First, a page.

At least 6 people have died in the county jail while in the hands of the Santa Cruz Sheriff’s Department and California Forensics Medical Group (CFMG) since August 2012. In April 2013, we organized a march and speakout, highlighting sheriff violence faced by people inside the County Jail that inspired the Santa Cruz County Grand Jury to investigate the jail’s deadly conditions. The grand jury report named the April 2013 demonstration as a primary catalyst for the investigation.
In September 2014, the Grand Jury released its Final Report, which included recommendations to improve physical and mental health services in the jail. Nearly all of the research was met with utter denial from the Sheriff‘s Department and CFMG, continuing a trend of disrespect for the community and confirming that they operate with little to no accountability.
Sin Barras is organizing a demonstration on January 24th to demand immediate medical and safety measures be met to reduce harm faced by those presently incarcerated. Continue reading
|We called for your help in June, and we’re calling for it again. Last month, California Department of Corrections & Rehabilitations (CDCR) issued revisions to its proposed “obscene materials,” i.e. censorship regulations published earlier this year.This was in response to hundreds of public comments submitted to CDCR by CURB members and members of the public. CDCR promised to go back to the drawing board, saying the public had misunderstood its intent.This shows our collective people power! Yet, the revisions recently made by the Department are superficial and fail to address the serious concerns so many of us raised in our public comments.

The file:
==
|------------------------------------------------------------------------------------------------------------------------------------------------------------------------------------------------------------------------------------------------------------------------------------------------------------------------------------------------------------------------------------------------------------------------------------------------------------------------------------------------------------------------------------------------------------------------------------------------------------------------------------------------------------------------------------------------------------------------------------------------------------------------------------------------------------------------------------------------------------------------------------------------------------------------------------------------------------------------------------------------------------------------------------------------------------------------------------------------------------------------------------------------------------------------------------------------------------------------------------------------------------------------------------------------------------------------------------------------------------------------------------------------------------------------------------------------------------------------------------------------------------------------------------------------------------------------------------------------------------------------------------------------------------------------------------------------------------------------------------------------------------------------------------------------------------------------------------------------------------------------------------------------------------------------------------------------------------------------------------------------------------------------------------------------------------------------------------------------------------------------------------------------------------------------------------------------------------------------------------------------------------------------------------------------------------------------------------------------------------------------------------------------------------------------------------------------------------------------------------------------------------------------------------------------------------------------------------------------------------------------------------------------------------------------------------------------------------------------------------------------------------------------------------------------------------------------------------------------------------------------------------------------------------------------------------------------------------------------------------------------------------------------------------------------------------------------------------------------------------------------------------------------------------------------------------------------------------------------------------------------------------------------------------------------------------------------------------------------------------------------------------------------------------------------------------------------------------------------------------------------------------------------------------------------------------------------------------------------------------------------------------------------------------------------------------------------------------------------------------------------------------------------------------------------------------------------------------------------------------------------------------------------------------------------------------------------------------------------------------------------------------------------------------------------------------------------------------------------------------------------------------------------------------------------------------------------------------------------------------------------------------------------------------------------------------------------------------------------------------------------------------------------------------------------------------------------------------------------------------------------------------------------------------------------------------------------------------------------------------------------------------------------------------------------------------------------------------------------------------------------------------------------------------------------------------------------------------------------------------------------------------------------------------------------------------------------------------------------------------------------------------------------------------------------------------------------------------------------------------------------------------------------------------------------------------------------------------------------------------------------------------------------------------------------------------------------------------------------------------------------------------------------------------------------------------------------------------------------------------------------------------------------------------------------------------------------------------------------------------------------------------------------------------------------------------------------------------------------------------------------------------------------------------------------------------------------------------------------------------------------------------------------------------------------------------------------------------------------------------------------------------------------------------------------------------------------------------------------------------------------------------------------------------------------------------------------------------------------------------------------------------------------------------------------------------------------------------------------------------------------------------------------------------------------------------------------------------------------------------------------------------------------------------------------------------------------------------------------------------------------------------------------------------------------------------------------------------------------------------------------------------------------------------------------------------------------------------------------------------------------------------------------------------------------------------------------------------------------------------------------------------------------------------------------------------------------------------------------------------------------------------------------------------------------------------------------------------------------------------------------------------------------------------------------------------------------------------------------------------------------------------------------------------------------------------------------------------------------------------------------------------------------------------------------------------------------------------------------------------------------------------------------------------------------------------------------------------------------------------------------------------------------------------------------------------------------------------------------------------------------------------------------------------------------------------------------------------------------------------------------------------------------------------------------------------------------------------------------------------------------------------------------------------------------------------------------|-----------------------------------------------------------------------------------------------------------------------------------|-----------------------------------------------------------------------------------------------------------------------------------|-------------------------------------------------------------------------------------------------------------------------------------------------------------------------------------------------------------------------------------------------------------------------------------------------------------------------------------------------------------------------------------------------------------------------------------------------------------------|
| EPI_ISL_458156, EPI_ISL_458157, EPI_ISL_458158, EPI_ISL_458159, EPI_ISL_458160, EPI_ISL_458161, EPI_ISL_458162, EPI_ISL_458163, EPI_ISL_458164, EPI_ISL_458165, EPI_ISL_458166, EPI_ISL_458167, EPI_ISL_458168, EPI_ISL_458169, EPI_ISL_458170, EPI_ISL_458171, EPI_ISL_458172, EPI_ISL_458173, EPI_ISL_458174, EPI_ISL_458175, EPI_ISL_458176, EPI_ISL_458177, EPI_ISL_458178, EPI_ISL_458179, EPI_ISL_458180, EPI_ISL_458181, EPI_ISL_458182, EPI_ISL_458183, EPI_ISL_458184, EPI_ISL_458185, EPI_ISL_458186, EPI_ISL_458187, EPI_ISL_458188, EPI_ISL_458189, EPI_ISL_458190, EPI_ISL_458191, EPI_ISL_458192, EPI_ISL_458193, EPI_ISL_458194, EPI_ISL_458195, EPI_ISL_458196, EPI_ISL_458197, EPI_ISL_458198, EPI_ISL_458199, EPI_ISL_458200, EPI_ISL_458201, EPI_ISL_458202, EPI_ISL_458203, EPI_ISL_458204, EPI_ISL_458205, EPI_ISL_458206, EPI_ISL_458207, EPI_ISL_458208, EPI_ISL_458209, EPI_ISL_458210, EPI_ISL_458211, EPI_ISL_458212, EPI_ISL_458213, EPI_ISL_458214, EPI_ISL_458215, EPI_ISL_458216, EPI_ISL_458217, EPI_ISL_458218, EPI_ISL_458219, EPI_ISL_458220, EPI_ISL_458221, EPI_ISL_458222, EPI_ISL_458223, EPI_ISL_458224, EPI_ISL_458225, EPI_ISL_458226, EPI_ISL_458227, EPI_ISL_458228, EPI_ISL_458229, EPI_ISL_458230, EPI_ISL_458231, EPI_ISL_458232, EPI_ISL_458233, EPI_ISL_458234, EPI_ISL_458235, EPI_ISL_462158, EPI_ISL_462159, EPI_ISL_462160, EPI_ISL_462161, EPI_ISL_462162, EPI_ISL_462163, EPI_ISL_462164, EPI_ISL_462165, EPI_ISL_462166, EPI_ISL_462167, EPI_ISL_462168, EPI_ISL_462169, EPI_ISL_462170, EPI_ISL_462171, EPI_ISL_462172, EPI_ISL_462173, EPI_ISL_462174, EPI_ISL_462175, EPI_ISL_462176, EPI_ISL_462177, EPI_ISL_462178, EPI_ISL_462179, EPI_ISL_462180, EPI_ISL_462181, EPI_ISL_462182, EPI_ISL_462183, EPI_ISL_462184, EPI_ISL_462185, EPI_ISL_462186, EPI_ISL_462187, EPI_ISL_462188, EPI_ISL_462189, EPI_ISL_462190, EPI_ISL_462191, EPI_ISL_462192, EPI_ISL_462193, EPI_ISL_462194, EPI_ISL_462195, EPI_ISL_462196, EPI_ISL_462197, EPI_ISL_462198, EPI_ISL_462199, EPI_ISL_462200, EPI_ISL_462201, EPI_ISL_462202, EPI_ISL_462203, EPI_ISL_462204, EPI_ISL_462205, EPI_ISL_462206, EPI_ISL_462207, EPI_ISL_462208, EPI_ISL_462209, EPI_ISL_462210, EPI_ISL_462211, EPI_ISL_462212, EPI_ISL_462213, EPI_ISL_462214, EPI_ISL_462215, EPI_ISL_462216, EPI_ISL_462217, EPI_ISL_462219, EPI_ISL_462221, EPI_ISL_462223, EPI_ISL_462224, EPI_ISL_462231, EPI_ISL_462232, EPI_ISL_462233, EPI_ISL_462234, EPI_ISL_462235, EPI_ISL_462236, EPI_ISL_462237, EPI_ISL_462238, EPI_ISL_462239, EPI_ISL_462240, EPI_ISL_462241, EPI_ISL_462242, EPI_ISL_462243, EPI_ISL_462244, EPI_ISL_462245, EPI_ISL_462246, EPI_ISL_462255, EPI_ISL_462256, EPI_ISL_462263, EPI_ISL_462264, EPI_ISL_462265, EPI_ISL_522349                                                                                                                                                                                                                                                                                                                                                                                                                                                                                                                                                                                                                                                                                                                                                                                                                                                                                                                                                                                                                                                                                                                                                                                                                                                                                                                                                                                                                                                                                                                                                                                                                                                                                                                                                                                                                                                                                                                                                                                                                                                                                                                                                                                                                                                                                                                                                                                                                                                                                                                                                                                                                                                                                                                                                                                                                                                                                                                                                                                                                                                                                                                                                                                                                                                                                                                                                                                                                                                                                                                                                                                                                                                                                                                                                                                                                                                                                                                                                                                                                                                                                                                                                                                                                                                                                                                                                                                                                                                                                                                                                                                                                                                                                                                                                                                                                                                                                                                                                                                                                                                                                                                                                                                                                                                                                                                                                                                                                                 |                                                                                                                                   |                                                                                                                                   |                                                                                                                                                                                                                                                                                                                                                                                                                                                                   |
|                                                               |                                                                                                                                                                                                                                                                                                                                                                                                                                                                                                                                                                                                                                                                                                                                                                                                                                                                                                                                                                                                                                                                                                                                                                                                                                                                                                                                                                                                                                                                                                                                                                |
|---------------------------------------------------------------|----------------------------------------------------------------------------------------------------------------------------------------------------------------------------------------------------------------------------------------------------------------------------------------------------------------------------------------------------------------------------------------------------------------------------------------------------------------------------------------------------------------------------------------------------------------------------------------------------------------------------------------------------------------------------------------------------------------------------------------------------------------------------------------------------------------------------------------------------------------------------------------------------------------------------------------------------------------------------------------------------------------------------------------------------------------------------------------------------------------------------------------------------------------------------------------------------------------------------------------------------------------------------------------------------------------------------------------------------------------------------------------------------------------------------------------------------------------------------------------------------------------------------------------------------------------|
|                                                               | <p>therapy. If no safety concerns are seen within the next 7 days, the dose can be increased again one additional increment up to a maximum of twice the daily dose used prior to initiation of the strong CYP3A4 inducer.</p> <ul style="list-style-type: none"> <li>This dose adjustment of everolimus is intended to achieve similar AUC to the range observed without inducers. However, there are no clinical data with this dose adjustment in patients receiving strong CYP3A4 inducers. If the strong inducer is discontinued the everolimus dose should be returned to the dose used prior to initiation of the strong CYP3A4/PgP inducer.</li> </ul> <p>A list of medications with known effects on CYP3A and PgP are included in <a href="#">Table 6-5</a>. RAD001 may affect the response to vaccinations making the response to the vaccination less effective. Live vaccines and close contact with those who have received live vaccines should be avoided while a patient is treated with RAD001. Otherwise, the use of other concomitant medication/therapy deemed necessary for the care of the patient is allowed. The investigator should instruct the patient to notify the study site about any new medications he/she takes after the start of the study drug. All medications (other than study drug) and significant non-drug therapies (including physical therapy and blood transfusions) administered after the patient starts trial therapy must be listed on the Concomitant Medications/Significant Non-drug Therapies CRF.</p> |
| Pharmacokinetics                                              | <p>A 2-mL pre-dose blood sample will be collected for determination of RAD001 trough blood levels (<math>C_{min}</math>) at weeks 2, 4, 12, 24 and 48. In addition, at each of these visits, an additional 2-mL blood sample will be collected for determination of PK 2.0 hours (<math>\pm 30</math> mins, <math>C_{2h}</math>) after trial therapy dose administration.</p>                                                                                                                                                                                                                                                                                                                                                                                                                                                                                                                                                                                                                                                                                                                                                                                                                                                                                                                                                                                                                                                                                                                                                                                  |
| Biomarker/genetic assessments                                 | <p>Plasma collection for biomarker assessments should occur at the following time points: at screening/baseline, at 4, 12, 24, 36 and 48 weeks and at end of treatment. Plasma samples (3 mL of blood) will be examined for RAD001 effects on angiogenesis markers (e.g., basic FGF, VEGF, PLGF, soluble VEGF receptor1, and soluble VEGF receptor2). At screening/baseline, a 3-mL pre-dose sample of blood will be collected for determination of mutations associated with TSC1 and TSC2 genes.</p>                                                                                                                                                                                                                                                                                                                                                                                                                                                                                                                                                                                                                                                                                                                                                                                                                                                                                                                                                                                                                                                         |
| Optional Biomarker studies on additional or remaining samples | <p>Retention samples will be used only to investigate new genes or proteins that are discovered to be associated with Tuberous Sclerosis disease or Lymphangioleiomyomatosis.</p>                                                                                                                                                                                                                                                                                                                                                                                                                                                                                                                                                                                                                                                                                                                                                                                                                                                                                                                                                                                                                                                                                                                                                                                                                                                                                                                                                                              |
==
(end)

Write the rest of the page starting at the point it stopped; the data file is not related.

If the proposed regulations are approved, CDCR will be able to permanently ban any publications it considers contraband, including political publications and correspondence that should be protected by First Amendment constitutional rights.
The proposed regulations are designed to:
- Censor writings that educate the public about what is actually occurring inside the prisons,
- Stifle the intellectual, personal and political education and development of those incarcerated,
- Stifle efforts by prisoners to nonviolently organize, and
- Expand the CDCR’s ability to arbitrarily cut off its wards from direly needed contact and support coming from outside, thus further isolating them.
Please weigh in and speak out against these regulations. The public comment period is open until 5pm on November 10. Resources to help craft a letter are provided at the action page.
Spread the word on Facebook and ask your friends, family, neighbors, pastor, school class, place of worship, and organizations to write also. Then take action on Monday by joining fellow CURB organizations Flying Over Walls and The Transgender, Gender Variant & Intersex Justice Project (TGIJP) and PHSS make mass phone calls to CDC voicing our criticisms!
Thank you for everything you do and for your initial round of public comments in June.